Silicon Valley and the landscape of modern technology has just changed in a major way, seemingly overnight. On Monday, Sundar Pichai was appointed CEO of Google, but with all due respect, even that announcement pales in comparison to the one it proceeded. Google founders Larry Page and Sergey Brin have set the course for a new chapter in the company’s relatively short, rapidly progressing history by announcing a reorganization via the creation of a brand new company called Alphabet; Google is now its largest subsidiary.
“We are still trying to do things other people think are crazy but we are super excited about.”
What is Alphabet and what exactly does this mean for the Google brand? Over the past eleven years, there have been a number of innovations as a result of Google’s acquisitions and own private development. Some of these, such as Google Maps are blatantly branded as Google products and/or services. Others, such as Boston Dynamics or even YouTube, aren’t quite as obvious. Many of these “Google projects” are now companies under Alphabet with their own CEOs, etc. Think of it this way, Android is to Google as Google is to Alphabet. Page describes the new Google as “slimmed down” in an open letter published on the landing page of Alphabet’s official website. Google Fiber (a high-speed internet service), Google’s self-driving car, and Nest are a few examples of brands and projects that the traditional Google will see off into the sunset.
“Fundamentally, we believe this allows us more management scale, as we can run things independently that aren’t very related.”
The idea is that by shedding ever-expanding projects like Android, Google (and every other Alphabet holding) will be able to continue to grow and innovate on their own. In other words, more attention can be given to carefully developing each brand and watching it take on its own identity. Those out of the Google[x] research lab could potentially benefit most, such as Project Loon, Google’s dreamy project of delivering Wi-Fi to remote locations via a network of large balloons, or Life Sciences (the folks developing a glucose level-reading eye contact lens).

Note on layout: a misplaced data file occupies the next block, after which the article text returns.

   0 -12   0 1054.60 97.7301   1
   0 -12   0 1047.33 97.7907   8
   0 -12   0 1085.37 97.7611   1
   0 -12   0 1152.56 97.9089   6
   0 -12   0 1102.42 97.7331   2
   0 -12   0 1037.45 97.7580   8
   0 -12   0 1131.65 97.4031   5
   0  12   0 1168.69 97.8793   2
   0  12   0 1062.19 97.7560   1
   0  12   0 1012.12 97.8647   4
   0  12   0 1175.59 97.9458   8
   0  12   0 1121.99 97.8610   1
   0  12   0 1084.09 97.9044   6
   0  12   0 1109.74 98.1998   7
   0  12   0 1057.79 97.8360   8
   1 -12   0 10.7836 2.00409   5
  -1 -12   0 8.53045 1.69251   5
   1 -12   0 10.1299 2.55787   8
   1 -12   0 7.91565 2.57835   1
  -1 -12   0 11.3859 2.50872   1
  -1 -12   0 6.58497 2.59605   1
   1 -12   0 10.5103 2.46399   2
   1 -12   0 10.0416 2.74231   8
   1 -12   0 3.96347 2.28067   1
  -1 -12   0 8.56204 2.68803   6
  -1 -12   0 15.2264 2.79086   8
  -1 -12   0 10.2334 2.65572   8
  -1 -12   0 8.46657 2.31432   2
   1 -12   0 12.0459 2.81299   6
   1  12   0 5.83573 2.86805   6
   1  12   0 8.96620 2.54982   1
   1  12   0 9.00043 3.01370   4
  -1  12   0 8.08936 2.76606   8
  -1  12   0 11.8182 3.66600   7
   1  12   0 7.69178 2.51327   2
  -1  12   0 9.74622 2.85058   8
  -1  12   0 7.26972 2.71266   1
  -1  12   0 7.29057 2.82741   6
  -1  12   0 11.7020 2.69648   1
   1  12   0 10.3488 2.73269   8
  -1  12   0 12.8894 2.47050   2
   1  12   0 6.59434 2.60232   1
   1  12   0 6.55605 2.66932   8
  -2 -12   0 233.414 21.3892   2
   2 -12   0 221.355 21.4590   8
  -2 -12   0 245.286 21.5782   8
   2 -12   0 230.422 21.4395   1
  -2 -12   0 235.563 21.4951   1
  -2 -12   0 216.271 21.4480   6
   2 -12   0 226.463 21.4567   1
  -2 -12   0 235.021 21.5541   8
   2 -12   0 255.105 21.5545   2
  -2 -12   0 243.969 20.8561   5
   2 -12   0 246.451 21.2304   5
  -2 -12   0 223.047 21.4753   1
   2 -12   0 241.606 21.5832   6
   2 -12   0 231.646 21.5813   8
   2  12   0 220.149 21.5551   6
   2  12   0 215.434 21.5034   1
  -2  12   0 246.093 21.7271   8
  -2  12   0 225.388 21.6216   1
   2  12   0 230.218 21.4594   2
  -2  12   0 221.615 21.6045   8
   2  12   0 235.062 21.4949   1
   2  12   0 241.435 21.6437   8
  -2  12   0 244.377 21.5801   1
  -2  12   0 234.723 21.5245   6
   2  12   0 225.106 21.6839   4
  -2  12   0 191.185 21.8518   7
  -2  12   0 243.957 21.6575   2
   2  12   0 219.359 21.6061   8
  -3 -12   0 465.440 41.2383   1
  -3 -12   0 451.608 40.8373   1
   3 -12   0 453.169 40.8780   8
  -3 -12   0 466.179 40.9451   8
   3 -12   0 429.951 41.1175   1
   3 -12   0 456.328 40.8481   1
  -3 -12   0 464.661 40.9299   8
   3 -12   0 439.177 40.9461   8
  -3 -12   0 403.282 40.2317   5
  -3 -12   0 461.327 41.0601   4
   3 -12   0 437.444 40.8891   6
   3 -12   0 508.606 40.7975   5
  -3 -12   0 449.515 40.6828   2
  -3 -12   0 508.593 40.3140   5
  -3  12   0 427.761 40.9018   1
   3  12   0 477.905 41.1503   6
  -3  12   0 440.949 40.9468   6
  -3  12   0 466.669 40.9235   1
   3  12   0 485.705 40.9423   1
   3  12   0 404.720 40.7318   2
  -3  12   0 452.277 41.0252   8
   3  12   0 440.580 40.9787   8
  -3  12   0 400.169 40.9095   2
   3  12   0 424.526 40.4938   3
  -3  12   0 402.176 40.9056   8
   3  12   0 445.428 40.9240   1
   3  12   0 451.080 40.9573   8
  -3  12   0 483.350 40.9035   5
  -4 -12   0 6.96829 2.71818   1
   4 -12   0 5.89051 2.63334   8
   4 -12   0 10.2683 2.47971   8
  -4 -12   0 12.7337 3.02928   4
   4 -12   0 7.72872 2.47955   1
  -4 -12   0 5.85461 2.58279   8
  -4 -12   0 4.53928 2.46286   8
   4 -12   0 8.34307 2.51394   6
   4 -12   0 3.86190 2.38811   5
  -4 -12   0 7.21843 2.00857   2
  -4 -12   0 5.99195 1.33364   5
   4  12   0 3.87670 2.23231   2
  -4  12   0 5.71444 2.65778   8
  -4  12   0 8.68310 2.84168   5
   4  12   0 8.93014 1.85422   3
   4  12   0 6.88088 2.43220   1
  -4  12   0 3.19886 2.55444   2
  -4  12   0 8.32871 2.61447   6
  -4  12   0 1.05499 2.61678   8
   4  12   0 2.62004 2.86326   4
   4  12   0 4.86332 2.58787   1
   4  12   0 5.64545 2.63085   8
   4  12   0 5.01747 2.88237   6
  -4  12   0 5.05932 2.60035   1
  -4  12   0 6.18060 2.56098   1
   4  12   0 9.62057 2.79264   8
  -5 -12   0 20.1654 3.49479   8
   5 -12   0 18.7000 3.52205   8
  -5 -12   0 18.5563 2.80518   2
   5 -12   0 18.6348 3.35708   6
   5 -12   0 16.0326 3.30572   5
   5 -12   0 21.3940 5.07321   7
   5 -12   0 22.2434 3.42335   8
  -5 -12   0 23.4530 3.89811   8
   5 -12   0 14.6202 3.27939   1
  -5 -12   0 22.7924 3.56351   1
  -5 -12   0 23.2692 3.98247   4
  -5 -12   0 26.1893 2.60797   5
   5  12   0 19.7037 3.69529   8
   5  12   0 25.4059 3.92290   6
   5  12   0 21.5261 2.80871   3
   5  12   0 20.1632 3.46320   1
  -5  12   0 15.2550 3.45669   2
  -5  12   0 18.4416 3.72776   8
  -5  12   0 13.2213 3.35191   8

Another way to look at it is from an economic standpoint. The publicly-traded “Google, Inc.” is being replaced by Alphabet, Inc. and all Google shares will automatically turn over to Alphabet shares. Perhaps in an effort to make things less confusing for investors, stock will still be traded as GOOGL and GOOG on the market. Whether keeping the namesake in this fashion will actually prove to be more confusing is difficult to predict. Certainly, there are a lot of questions as a result of the announcement, and hopefully lots of exciting new developments/products. As Page and Brin’s founders letter emphatically states, “Google is not a conventional company. We do not intend to become one.”